Bernard Albert Wrightson (October 27, 1948 – March 18, 2017), sometimes referred to as Bernie Wrightson, was an American artist known as one of the creators of Swamp Thing, as an illustrator of the novel Frankenstein, and as the author of other comics horror and illustrations featuring signature intricate pen and brush work.
Wrightson was born October 27, 1948 in Dundalk, Maryland. He got his art education by watching John Gnagy on TV, reading comics, especially EC comics, and taking a correspondence course at celebrity artists’ school. His artistic influences include Frank Frazetta, Al Williamson, Al Dorn, Graham Ingels, Jack Davis and Howard Pyle.
He published fan art containing a tombstone reading “Berni Wrightson, Dec. 15, 1965” on page 33 of Warren Publishing’s Creepy #9 (cover dated June 1966).
In 1966, Wrightson began working for The Baltimore Sun as an illustrator. The following year, after meeting artist Frank Frazetta at a comic book convention in New York, he was inspired to create his own stories. In 1968, he showed copies of his work to DC Comics editor Dick Giordano and received a freelance assignment.
In his professional writing, Wrightson began spelling his name “Bernie” to distinguish himself from an Olympic diver named Bernie Wrightson, but later reinstated the final “e” in his name.
In 1968 he drew his first professional comic book story, “The Man Who Killed Himself”, which appeared in House of Mystery #179 (cover dated March-April 1969). He went on to work on various mysteries and anthologies for both DC and, a few years later, its archrival, Marvel Comics. It was in Marvel’s “Chamber of Darkness” and “Tower of Shadows” editions that he was first encouraged to slightly simplify his intricate pen and ink drawing, and it was there that his luxuriant brushwork, which became the hallmark of his ink in 1970s comics, first emerged.
Like many artists of the 1970s and 1980s, Wrightson moved to New York City in hopes of finding work with comic book publishers such as DC Comics or Marvel Comics.
At one time Wrightson lived in the same house in Queens with artists Allen Milgrom, Howard Chaikin and Walter Simonson. Simonson recalls: “We would get together at 3:00 in the morning. They would come and we would eat popcorn and sit and talk about everything that 26, 27 and 20 year olds were talking about. Our art, television, whatever. At that time I practically knew: “Here they are, the good old days.”
With writer Len Vine, Wrightson created the Swamp Thing in House of Secrets #92 (July 1971) in a standalone horror story set in the Victorian era. Vine later recounted how Wrightson was drawn to the story: “Bernie Wrightson had just broken up with a girlfriend and we were sitting in my car and just talking about life – all the important things to do when you’re 19 and 20.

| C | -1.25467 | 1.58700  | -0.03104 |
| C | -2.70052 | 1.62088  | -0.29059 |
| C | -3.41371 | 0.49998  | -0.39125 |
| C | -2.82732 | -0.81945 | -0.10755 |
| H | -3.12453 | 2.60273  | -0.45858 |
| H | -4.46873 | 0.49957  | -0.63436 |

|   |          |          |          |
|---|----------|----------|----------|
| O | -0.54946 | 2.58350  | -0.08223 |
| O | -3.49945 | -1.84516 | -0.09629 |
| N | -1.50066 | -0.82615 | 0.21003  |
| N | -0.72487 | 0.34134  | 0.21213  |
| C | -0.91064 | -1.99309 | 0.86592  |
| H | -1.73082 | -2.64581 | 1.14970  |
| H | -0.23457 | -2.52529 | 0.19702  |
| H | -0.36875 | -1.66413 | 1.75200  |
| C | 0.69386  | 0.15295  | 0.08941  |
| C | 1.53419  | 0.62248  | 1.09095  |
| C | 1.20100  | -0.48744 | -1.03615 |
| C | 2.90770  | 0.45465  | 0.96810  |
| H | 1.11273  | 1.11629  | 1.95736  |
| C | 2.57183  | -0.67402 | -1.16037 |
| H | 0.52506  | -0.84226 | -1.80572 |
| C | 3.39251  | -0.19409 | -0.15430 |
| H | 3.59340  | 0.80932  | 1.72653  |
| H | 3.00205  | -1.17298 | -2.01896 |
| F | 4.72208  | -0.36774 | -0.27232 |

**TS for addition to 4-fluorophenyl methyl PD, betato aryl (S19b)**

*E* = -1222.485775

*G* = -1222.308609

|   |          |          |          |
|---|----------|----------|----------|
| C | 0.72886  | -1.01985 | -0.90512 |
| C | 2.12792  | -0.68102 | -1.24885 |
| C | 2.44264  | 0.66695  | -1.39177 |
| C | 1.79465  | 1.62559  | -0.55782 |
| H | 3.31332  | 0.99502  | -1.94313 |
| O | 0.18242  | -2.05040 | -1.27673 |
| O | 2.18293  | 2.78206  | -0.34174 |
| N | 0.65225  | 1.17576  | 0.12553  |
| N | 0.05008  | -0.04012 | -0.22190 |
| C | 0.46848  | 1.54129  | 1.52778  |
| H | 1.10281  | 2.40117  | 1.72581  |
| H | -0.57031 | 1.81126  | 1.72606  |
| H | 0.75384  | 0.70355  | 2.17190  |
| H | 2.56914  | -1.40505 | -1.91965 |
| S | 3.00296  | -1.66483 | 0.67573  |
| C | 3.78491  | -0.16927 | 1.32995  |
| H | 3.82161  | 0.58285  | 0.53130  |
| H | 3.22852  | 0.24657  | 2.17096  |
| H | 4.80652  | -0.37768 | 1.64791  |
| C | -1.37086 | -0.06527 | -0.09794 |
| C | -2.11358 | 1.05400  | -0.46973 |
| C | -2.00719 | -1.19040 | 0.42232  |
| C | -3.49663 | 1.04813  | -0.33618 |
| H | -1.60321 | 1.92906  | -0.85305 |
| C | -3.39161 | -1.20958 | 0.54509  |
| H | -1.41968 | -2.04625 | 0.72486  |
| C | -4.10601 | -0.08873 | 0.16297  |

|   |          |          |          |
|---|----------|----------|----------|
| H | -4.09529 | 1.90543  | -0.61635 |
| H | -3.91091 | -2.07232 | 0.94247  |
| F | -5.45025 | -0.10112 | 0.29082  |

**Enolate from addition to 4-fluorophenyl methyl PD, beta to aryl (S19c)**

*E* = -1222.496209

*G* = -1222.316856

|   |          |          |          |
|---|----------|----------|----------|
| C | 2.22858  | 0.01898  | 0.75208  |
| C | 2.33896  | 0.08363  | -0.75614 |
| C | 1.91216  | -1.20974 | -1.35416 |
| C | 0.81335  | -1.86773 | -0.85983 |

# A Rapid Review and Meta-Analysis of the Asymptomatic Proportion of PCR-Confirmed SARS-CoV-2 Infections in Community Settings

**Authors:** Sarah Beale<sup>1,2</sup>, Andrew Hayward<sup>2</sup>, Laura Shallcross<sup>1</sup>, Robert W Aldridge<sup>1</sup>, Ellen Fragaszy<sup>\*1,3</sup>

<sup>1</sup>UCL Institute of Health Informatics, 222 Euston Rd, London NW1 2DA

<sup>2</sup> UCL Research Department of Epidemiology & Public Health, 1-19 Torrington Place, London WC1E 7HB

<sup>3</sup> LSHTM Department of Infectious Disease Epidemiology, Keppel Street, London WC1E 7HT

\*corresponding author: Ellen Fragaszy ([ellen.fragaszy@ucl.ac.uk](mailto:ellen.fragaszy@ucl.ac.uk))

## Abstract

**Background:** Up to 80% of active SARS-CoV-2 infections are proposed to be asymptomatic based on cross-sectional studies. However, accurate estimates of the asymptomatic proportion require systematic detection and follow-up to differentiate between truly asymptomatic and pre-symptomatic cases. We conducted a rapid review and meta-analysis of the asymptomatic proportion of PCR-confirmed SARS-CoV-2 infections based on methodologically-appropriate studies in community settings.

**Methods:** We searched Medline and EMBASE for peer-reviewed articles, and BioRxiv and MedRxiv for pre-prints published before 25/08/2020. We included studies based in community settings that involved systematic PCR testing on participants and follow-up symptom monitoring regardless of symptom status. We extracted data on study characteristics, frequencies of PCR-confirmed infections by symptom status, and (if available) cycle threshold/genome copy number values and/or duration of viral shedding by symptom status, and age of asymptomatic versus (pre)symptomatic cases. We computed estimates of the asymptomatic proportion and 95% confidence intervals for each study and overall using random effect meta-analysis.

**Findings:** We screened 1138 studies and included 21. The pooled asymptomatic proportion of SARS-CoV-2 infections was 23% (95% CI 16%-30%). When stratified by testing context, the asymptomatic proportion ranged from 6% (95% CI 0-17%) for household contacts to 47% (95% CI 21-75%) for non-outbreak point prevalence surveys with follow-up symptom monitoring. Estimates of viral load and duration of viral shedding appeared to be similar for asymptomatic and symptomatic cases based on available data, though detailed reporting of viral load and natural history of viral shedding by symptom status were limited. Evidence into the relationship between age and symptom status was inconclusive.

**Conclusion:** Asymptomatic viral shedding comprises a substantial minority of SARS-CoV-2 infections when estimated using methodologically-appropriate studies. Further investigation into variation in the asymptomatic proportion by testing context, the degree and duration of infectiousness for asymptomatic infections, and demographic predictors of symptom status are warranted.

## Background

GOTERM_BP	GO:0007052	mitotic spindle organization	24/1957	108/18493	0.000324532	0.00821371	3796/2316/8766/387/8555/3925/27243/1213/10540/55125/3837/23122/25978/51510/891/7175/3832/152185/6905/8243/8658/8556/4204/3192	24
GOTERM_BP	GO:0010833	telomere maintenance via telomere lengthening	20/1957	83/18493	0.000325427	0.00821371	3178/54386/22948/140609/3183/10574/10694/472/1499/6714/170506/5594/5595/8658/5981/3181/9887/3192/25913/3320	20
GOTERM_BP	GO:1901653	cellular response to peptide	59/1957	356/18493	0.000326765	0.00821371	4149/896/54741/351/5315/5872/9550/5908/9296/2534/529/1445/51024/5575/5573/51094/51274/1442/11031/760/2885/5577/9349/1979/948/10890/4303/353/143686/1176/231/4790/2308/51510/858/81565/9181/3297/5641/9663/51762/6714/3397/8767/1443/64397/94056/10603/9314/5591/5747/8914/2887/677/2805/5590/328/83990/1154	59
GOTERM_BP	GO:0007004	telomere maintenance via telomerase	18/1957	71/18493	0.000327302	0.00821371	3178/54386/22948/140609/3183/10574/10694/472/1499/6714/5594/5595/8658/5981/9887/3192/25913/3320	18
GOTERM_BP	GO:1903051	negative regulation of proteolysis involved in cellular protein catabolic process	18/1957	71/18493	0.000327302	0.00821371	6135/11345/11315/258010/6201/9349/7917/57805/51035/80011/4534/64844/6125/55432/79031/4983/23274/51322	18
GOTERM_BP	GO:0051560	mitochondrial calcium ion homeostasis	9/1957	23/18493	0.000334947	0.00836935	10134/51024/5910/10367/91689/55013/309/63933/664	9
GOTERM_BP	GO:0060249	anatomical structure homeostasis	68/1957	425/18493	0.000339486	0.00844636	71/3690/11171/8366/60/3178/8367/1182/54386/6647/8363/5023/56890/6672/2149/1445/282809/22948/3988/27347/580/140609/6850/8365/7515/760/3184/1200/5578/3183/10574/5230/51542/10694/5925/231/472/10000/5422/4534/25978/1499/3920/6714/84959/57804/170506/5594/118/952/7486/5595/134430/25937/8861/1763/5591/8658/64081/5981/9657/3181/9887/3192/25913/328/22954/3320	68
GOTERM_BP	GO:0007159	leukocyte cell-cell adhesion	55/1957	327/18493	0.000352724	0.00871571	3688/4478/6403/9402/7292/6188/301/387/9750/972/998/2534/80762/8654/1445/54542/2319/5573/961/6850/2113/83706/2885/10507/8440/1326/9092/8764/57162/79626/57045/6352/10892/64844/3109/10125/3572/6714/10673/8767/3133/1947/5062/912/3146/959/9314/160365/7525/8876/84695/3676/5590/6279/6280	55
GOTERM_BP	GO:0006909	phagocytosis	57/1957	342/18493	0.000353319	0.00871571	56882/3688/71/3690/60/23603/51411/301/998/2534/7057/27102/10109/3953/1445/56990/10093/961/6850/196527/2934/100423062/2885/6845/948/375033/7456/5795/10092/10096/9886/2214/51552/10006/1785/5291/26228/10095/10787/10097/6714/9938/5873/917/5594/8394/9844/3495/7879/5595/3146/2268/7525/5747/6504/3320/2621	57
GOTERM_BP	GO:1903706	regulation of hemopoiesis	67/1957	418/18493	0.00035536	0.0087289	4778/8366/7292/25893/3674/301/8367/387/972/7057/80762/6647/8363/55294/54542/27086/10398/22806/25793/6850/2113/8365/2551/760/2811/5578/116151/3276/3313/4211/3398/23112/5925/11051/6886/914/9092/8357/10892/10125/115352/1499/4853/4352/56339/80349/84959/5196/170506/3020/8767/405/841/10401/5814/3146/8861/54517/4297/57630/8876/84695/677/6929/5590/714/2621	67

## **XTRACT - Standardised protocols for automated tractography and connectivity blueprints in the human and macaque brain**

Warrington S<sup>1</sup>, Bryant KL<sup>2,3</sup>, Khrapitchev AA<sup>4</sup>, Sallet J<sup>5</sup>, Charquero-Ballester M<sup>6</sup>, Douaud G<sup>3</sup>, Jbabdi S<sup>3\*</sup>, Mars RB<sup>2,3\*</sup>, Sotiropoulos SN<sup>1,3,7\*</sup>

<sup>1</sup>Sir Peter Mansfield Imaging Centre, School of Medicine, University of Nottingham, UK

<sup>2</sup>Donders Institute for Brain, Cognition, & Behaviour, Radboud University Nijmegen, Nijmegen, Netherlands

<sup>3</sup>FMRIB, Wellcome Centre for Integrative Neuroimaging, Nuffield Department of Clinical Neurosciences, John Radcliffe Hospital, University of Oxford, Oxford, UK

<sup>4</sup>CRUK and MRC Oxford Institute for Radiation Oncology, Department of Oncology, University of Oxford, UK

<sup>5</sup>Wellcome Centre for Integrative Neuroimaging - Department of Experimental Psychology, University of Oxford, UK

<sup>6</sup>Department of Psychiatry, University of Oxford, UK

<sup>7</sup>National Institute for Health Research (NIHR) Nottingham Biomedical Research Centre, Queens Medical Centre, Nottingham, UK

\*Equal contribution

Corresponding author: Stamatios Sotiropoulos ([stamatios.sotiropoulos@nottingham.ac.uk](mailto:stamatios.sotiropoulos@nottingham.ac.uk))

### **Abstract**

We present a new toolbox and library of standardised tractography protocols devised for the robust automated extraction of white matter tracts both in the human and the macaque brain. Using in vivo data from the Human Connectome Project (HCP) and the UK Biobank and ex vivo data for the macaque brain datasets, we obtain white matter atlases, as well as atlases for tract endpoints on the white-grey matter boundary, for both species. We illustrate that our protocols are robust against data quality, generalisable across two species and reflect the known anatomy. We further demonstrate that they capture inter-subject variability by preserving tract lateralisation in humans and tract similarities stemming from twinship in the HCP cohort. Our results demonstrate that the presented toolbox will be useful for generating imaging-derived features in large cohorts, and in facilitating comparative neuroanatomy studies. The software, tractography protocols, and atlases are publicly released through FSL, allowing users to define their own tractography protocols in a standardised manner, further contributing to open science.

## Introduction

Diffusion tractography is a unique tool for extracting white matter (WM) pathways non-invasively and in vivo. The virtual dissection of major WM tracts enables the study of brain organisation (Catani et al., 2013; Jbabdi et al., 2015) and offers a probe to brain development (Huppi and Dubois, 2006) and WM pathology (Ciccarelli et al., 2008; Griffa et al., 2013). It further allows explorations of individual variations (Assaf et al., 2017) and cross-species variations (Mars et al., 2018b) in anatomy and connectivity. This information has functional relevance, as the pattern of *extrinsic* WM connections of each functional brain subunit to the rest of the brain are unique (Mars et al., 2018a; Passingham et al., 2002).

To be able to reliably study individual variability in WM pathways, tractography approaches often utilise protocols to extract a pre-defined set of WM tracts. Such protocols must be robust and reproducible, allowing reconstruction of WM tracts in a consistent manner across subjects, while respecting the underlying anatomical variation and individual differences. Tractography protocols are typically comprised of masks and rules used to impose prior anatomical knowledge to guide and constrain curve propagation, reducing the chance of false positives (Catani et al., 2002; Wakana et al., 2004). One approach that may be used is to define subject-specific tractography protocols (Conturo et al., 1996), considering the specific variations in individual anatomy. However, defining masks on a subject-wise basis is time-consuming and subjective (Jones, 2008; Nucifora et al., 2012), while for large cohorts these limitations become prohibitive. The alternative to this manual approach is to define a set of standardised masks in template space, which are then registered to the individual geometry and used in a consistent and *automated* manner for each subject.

And I said, “You know, I just wrote a story that actually looks like how you feel right now.” I told him about the Swamp Thing and he said “I have to draw this””.
In the summer of 1972, he published Badtime Stories, an anthology of horror/science fiction comics, which included his own scripts and drawings (1970-1971), with each story drawn in a different medium (ink, tinted pencils, duoshad paper). , screen tones, for example, along with traditional pen and ink and brush work).
He and writer Marv Wolfman co-created Destiny in Weird Mystery Tales #1 (July-August 1972), a character that would later be used in Neil Gaiman’s work.
In the fall of 1972, Swamp Thing returned in a series of its own, set in the modern world and in general DC continuity. Wrightson drew the first ten issues of the series. Abigail Arcane, a major supporting character in the Swamp Thing mythology, was introduced in issue #3 (February-March 1973).
Wrightson originally asked DC to do art for the Shadow revival, but he left the project early on when he realized he couldn’t complete the required minimum number of pages in time, along with work on Swamp Thing. Michael Kaluta illustrated the series, but Wrightson contributed heavily to the third issue with both pencil and paint, and also drew the opening for issue #4.
Warren and studio
In January 1974, he left DC to work for Warren Publishing, for whose black-and-white magazines he created a series of original horror comics as well as adaptations of short stories. As with “BadTime Stories”, Wrightson experimented with different media in these black-and-white stories: Edgar Allan Poe’s “The Black Cat” used intricate pen and ink work that contrasted sharply with his brush-dominated panels of “Swamp Thing”. . The script for “Jenifer”, written by Bruce Jones, was atmospherically drawn with gray markers.